The Island’s First Visitors
The first Englishman known to have set foot on Martha’s Vineyard were Captain Bartholemew Gosnold and members of the crew of his ship Concord in 1602. It is believed they came ashore in Edgartown, on the northern tip of Chappaquiddick; and that Captain Gosnold named the island Martha’s Vineyard in honor of his infant daughter. While this landing marked Edgartown as one of the first places known to English explorers, Gosnold and his crew did not stay long. In fact, the first official settlement of Martha’s Vineyard was not until nearly four decades later when King Charles of England provided Thomas Mayhew and his associates “full power and authority to plant and inhabit” the island of Martha’s Vineyard. Of course, at the time of Mayhew’s arrival, the island already had a population of roughly 3,000 native Indians.
From the Great Harbour to Edgar Towne
The village itself was originally called “Great Harbour” a literal reference to its most defining feature. Only later when the town was incorporated in 1671, was the name changed to Edgar Towne. The name, Edgar Towne, was chosen to honor the only son of the Duke of York, brother of King Charles. Because the king himself was childless, Edgar, a three-year-old, was next in line to the crown upon the death of his Uncle Charlie. The Mayhews, hoping to curry favor, chose the name Edgar, not knowing the boy had died a month before. It is said that this is the only Edgartown in the world. Had the youngster lived, there might be as many as there are Charlestowns and Jamestowns today.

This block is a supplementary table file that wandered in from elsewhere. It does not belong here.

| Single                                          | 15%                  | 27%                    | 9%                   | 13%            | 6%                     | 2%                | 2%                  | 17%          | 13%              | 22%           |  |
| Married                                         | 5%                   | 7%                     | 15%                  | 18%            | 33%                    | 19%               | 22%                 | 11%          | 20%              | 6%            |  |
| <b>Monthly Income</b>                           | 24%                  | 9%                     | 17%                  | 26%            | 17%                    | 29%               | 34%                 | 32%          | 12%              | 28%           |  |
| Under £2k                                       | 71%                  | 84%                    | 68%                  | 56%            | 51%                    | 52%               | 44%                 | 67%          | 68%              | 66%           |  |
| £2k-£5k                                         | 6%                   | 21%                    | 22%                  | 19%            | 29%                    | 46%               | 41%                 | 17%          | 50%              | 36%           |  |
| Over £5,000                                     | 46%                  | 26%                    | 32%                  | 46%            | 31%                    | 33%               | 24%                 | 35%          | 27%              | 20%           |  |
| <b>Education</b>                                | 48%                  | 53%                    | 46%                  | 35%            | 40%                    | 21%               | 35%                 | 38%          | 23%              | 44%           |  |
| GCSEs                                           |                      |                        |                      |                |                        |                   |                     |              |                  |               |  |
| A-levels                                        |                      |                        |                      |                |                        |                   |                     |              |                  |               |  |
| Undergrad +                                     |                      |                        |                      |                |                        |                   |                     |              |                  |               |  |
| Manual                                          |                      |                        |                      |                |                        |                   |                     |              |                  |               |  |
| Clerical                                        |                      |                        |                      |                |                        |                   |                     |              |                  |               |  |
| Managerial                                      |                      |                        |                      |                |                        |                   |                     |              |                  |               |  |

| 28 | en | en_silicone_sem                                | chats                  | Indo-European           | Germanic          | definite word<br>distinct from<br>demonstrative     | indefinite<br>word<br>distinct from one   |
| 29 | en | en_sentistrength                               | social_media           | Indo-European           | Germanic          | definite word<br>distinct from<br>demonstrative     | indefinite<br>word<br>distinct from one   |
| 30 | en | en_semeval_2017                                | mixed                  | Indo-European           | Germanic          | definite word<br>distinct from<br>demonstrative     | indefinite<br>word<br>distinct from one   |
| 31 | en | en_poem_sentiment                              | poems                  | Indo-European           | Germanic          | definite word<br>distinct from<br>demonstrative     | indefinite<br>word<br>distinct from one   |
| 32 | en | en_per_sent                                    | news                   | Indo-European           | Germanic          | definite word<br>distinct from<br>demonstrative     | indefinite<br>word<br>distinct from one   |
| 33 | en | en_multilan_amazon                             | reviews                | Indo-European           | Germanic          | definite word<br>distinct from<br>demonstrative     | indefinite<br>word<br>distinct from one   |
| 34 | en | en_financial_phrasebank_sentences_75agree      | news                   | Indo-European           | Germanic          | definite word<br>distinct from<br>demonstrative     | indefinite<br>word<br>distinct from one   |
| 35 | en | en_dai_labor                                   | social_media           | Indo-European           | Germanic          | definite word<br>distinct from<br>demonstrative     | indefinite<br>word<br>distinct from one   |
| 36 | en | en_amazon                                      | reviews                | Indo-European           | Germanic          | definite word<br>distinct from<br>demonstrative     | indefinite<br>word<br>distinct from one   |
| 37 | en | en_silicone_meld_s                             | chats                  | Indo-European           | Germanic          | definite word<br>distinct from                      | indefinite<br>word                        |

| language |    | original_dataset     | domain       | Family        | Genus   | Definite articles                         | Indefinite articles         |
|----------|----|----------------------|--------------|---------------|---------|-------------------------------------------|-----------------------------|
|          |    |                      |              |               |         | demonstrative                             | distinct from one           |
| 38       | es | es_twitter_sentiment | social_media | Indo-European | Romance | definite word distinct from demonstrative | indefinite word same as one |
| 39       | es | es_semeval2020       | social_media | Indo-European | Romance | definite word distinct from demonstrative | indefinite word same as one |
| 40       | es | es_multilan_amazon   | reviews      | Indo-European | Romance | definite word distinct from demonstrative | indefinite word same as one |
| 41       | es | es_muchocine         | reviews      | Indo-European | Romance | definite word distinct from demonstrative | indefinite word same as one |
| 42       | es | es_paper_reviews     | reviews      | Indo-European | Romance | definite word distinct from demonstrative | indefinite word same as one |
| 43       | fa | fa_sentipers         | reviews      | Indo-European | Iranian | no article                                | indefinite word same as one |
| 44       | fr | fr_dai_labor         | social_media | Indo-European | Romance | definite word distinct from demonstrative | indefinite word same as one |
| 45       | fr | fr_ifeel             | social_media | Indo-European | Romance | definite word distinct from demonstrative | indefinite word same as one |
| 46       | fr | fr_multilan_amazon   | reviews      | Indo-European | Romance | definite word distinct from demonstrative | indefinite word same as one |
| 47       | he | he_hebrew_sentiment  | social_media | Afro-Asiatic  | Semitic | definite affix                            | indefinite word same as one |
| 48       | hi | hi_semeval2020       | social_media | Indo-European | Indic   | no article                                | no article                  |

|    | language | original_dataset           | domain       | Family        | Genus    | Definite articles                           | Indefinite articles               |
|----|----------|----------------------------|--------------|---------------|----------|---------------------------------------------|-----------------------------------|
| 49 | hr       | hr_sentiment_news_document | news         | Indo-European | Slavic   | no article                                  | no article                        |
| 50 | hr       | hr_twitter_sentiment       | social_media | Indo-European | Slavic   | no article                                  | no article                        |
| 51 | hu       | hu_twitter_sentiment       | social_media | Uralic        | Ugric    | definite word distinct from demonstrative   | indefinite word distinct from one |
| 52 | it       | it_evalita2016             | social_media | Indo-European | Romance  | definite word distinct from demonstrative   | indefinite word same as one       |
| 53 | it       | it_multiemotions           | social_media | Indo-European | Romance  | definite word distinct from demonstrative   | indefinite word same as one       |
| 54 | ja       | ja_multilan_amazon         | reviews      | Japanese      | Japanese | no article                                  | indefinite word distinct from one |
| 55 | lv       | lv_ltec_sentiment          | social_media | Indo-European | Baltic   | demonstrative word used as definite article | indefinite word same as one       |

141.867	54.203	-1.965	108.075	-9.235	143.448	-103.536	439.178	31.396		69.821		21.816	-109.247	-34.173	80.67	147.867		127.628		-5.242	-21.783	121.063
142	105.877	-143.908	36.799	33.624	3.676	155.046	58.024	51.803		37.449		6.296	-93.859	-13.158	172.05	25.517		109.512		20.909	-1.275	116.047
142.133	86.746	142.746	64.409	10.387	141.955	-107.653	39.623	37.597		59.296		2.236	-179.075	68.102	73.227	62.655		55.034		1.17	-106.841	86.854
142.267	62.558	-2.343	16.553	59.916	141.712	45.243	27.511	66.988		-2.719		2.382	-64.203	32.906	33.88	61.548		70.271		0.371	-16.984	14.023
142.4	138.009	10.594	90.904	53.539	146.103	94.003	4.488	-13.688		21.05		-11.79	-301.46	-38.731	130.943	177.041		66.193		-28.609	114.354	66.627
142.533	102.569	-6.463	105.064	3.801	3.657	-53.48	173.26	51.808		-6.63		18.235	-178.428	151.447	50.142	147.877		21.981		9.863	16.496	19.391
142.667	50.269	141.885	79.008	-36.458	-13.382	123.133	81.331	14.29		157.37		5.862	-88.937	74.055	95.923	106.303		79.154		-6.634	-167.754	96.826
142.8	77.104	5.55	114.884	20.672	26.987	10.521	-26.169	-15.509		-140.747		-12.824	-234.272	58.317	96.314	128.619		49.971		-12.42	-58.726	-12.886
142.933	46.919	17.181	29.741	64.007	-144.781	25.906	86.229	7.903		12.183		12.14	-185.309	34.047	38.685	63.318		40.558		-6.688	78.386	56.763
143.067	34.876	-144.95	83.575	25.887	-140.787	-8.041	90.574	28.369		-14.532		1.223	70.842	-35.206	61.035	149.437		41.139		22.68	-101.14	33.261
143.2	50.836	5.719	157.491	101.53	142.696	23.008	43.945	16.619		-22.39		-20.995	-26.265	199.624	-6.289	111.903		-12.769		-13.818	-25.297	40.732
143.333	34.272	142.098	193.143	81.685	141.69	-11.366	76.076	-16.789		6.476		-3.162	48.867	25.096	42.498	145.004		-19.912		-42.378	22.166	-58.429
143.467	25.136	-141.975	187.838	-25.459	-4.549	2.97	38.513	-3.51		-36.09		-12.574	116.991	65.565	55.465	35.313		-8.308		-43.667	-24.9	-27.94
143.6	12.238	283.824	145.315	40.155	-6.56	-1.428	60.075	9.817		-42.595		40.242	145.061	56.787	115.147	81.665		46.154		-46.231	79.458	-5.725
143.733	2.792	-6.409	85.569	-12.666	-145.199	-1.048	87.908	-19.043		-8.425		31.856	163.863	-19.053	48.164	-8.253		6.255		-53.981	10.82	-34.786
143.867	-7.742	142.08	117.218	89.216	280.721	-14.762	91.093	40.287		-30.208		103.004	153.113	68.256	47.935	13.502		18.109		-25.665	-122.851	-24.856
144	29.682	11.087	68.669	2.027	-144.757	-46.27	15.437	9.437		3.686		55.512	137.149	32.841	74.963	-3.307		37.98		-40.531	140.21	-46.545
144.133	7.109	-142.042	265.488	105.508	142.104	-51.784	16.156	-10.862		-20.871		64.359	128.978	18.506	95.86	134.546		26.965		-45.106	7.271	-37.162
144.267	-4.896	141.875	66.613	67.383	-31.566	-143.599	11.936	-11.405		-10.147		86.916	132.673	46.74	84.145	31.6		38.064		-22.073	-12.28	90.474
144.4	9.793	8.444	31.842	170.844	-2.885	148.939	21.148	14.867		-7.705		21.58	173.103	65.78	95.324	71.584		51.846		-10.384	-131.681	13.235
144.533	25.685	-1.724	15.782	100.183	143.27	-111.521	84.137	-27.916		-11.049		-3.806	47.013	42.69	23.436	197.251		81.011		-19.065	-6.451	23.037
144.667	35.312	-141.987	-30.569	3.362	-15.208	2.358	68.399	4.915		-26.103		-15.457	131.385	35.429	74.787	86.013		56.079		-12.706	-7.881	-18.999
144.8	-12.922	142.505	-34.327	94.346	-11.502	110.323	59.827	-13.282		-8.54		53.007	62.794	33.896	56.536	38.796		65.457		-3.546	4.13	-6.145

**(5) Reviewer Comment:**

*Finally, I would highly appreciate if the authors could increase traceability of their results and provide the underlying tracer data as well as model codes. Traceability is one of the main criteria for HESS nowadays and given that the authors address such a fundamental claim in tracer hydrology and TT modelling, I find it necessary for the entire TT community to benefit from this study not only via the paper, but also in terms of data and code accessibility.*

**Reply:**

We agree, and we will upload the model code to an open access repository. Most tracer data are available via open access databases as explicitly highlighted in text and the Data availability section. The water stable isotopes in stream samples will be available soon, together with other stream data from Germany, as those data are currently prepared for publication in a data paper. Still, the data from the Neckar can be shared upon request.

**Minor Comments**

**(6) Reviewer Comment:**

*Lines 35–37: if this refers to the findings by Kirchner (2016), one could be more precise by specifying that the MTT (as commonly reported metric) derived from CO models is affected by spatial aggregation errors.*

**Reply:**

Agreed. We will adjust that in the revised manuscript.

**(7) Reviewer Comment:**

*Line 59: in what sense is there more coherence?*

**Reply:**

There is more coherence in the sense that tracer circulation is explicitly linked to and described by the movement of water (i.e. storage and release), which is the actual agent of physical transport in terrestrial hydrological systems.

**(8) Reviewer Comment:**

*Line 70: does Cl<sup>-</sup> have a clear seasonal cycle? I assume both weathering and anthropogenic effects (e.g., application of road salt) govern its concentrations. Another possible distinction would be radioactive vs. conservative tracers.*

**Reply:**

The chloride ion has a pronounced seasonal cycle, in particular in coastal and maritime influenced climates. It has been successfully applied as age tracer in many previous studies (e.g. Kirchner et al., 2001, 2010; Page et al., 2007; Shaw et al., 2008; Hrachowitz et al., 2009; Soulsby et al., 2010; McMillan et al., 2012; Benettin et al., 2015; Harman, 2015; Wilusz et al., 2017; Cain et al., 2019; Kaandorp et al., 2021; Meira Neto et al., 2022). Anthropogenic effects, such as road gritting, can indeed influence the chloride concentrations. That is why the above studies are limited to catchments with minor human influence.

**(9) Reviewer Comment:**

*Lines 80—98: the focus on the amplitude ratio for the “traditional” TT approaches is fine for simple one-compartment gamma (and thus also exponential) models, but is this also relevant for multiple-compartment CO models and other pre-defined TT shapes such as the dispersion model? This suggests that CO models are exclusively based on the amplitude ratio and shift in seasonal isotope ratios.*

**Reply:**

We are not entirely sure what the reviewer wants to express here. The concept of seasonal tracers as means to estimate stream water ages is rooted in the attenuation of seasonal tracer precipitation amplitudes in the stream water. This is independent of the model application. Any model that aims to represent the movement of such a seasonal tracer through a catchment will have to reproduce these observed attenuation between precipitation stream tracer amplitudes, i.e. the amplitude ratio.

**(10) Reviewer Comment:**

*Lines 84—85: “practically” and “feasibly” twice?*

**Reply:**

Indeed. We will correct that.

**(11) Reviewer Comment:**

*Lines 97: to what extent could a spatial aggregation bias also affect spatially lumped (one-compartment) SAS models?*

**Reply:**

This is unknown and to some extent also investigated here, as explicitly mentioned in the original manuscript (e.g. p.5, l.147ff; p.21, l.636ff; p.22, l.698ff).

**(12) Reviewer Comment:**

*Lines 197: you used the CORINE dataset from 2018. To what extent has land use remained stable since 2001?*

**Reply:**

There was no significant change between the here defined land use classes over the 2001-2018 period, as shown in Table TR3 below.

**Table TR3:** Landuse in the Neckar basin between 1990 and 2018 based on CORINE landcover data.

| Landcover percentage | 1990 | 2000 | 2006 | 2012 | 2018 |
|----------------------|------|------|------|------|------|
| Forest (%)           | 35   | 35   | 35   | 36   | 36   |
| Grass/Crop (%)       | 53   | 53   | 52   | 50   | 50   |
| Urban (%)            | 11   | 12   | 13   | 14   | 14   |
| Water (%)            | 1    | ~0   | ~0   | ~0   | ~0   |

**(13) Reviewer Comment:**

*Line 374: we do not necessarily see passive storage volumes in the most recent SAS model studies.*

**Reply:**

The Boom Years of Whaling
In the first 100 years on the island, some settlers worked the land as farmers, but most turned to the sea for their livelihood. Their real prosperity, however, came in the early 1800s, the boom years of whaling. As early as 1775, Martha’s Vineyard had 156 seamen employed on whaling vessels. By the 1800s, more than 100 Edgartown men were masters and when they returned from their voyages with a full cargo, they were rich beyond their dreams. Most of the historic houses in Edgartown Village were built by whaling masters during this golden era of whaling. After the Civil War, whaling went into decline as petroleum became abundant, cheaper and better than whale oil.
New Visitors Discover the Vineyard
As it happened, the island was rescued from financial decline by a religious happening; which inadvertently transformed Martha’s Vineyard into a summer vacation destination. It was triggered by Jeremiah Pease, who in 1835 convinced the Edgartown Methodists to hold a camp meeting in an oak grove he had selected in today’s Oak Bluffs, then part of Edgartown. The camp event became an annual meeting, attracting at first hundreds, then thousands of Mainlanders. Once these visitors discovered the lovely vistas, sandy beaches and general tranquility of the island, word spread and soon off-Islanders were building and buying summer houses on the island. Gradually, the old Captains’ houses of Edgartown were bought by wealthy summer visitors; many of whom were committed to preserving the village’s historic flavor.